In this BBC Hardtalk episode, Stephen Sackur challenges professor Ilan Pappe’s views.
As expected, BBC’s Sackur presents the hard core Right wing Zionist viewpoint. Unexpectedly, Sackur displays a wide range of knowledge about Israel and seems almost as knowledgeable as Ilan Pappe – a leading pro-Palestinian historian who has dedicated his life to studying the conflict and the Palestinian plight.
How is that possible? Is it because Pappe lacks erudition? Not at all, Pappe is an ethical human being and a superb scholar, he remains courteous and calm throughout the program. But Pappe attempts to argue his case with his hands tied behind his back.
The history professor is afraid to utter the ‘J word,’ he fails to analyze Zionism and Israel’s actions within the appropriate ideological, historical and cultural context and he refuses to question the true meaning of the Jewish State.
History is an attempt to narrate the past. A few brave historians aim for a consistent narrative that sets events within the appropriate context which includes ideology, culture and heritage. Most historians however, are engaged in the opposite: the active concealment of the shameful i.e. that which is better to shove under the carpet.
Instead of identifying the Zionist crime within the context of Jewish history and culture, Pappe attempts to isolate the Zionist crime by disconnecting it from Jewish history and continuum. Pappe injects the discourse with a dose of politically-correct terminology (such as colonialism, apartheid, etc.) that serves only to divert attention from the particular nature of Jewish nationalism. In practice, Pappe actually attempts to conceal that which is most shameful – the Jewishness of the Jewish State.
So, with eyes wide open the history professor marches straight into the ambush and finds himself engaged in an awkward, incoherent historical discourse that is restricted by parameters set by the very ideology he is supposed to untangle; namely Zionism and Jewishness.
Was the expulsion of the Palestinians premeditated? Do we really need the ‘personal accounts’ of Haganah elders to establish the fact that Palestinians were expelled? Are not five million Palestinian refugees who cannot return to their land due to the racist Israeli Law of Return a sufficient argument that Israel is an ethnic cleanser? Pappe, like every commentator on the subject, knows full well that it was premeditated but he struggles to produce an argument.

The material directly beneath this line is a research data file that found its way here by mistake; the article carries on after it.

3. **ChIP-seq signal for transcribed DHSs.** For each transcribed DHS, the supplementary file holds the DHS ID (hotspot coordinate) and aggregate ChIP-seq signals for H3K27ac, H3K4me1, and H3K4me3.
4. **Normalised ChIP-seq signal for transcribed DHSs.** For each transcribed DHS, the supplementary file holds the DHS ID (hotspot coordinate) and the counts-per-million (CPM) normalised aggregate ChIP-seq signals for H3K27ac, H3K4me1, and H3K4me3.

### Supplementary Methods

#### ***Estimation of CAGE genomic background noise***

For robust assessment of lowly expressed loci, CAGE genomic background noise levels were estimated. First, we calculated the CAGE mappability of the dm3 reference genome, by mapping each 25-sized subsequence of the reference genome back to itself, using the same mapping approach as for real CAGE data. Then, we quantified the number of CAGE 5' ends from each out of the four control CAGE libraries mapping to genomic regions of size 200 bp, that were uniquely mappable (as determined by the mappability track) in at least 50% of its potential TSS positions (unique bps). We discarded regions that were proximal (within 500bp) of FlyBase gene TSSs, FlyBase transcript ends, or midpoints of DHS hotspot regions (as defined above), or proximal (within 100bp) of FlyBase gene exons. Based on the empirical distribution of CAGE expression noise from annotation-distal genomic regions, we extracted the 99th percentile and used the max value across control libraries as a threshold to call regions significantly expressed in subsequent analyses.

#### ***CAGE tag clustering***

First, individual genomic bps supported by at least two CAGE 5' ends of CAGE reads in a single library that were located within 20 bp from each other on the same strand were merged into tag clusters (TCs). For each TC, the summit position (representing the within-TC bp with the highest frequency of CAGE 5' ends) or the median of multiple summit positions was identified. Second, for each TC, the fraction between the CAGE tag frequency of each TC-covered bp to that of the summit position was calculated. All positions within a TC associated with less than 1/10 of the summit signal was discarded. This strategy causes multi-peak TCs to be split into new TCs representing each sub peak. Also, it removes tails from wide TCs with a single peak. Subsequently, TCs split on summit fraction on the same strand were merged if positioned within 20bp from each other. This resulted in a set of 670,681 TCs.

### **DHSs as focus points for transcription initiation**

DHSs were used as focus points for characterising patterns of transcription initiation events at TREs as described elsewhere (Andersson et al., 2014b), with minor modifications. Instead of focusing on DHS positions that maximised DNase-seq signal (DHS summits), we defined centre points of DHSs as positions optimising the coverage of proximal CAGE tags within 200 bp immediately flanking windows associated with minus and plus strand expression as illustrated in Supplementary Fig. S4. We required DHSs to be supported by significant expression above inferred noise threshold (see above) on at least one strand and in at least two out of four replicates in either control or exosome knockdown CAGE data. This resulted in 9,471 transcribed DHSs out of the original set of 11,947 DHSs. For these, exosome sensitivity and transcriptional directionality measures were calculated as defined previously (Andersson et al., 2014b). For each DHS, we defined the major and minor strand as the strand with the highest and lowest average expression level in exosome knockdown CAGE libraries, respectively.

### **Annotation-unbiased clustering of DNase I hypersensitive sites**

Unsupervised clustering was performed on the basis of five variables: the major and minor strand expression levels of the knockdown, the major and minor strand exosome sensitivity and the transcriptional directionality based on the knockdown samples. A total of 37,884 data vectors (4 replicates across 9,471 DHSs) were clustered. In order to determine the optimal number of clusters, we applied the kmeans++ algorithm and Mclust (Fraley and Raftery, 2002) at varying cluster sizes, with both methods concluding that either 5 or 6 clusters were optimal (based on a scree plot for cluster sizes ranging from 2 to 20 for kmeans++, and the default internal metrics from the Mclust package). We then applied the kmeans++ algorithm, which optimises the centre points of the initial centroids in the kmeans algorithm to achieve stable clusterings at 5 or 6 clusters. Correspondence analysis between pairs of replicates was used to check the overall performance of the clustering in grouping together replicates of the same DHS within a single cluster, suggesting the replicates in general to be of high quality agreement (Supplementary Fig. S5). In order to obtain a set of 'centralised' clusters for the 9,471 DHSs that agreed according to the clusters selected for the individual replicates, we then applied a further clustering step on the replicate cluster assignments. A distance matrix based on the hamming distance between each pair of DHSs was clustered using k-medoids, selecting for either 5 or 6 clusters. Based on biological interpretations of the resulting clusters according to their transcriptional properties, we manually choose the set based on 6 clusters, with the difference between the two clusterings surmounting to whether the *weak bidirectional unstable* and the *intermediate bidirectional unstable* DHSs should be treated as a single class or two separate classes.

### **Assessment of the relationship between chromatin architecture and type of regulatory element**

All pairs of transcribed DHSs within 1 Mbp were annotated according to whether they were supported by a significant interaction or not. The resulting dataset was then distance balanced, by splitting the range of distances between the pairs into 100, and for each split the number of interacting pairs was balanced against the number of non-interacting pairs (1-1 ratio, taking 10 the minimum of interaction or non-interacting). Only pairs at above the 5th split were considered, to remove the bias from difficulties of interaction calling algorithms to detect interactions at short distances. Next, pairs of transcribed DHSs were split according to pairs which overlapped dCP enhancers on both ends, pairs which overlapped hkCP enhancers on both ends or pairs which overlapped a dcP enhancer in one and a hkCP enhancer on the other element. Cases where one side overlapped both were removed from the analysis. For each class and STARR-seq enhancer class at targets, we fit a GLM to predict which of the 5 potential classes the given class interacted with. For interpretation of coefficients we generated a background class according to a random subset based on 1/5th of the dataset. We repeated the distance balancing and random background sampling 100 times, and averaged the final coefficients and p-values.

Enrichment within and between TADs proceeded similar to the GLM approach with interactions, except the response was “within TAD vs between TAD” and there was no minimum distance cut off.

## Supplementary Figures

He finds it impossible to admit that the making of the Jews-only state was determined by the same Jewish exclusivism, ghetto-mentality, ethno-centrism and racial orientation that is symptomatic of all Jewish collectives whether Zionist or ‘anti.’
Ilan Pappe, who, more than any other historian, contributed to an understanding of Israel’s original sin of ethnic cleansing, fails to pinpoint exactly what it was that made the Jewish State into an ethnic cleanser. And the problem does not end with Professor Pappe
Within the Left and the progressive discourse, a clear distinction between scholarship and activism is missing. While activism is committed to social change, scholarship is inspired by the notion of truth. Pappe, like many other progressive thinkers, will compromise scholarship and even truth in order to deliver a ‘slogan’ or a populist ‘motto’ that may excite or appease the masses. Thus, the conquest of Palestine is simply ‘colonialism’ because to tell it for what it really is might offend some Jews.
And the foundation of this duplicity has, in recent years, become obvious. The progressive Palestinian solidarity movement is in a precarious state. Decades of activity have led to zero progress. Instead of resistance and change, what we have is a thriving ‘solidarity industry’ largely funded by liberal Zionist organizations such as George Soros’ Open Society Institute.
I want to believe in Pappe’s ability to introduce true change – a spiritual and conceptual shift in our understanding of the situation. But before Pappe liberates Palestine or the Israelis, he may have to liberate himself from the shackles of ‘correctness.’
When this happens, then will he be able to trounce the BBC and every other Hasbara outlet. Truth reveals its face only when there is the freedom to think and to express.
Gilad Atzmon is an Israeli-born British jazz saxophonist, novelist, political activist and writer.
Atzmon’s album Exile was BBC jazz album of the year in 2003. Playing over 100 dates a year, he has been called “surely the hardest-gigging man in British jazz.” His albums, of which he has recorded nine to date, often explore the music of the Middle East and political themes. He has described himself as a “devoted political artist.” He supports the Palestinian right of return and the one-state solution in the Israeli-Palestinian conflict.
His criticisms of Zionism, Jewish identity, and Judaism, as well as his controversial views on The Holocaust and Jewish history have led to allegations of antisemitism from both Zionists and anti-Zionists. A profile in The Guardian in 2009 which described Atzmon as “one of London’s finest saxophonists” stated: “It is Atzmon’s blunt anti-Zionism rather than his music that has given him an international profile, particularly in the Arab world, where his essays are widely read.”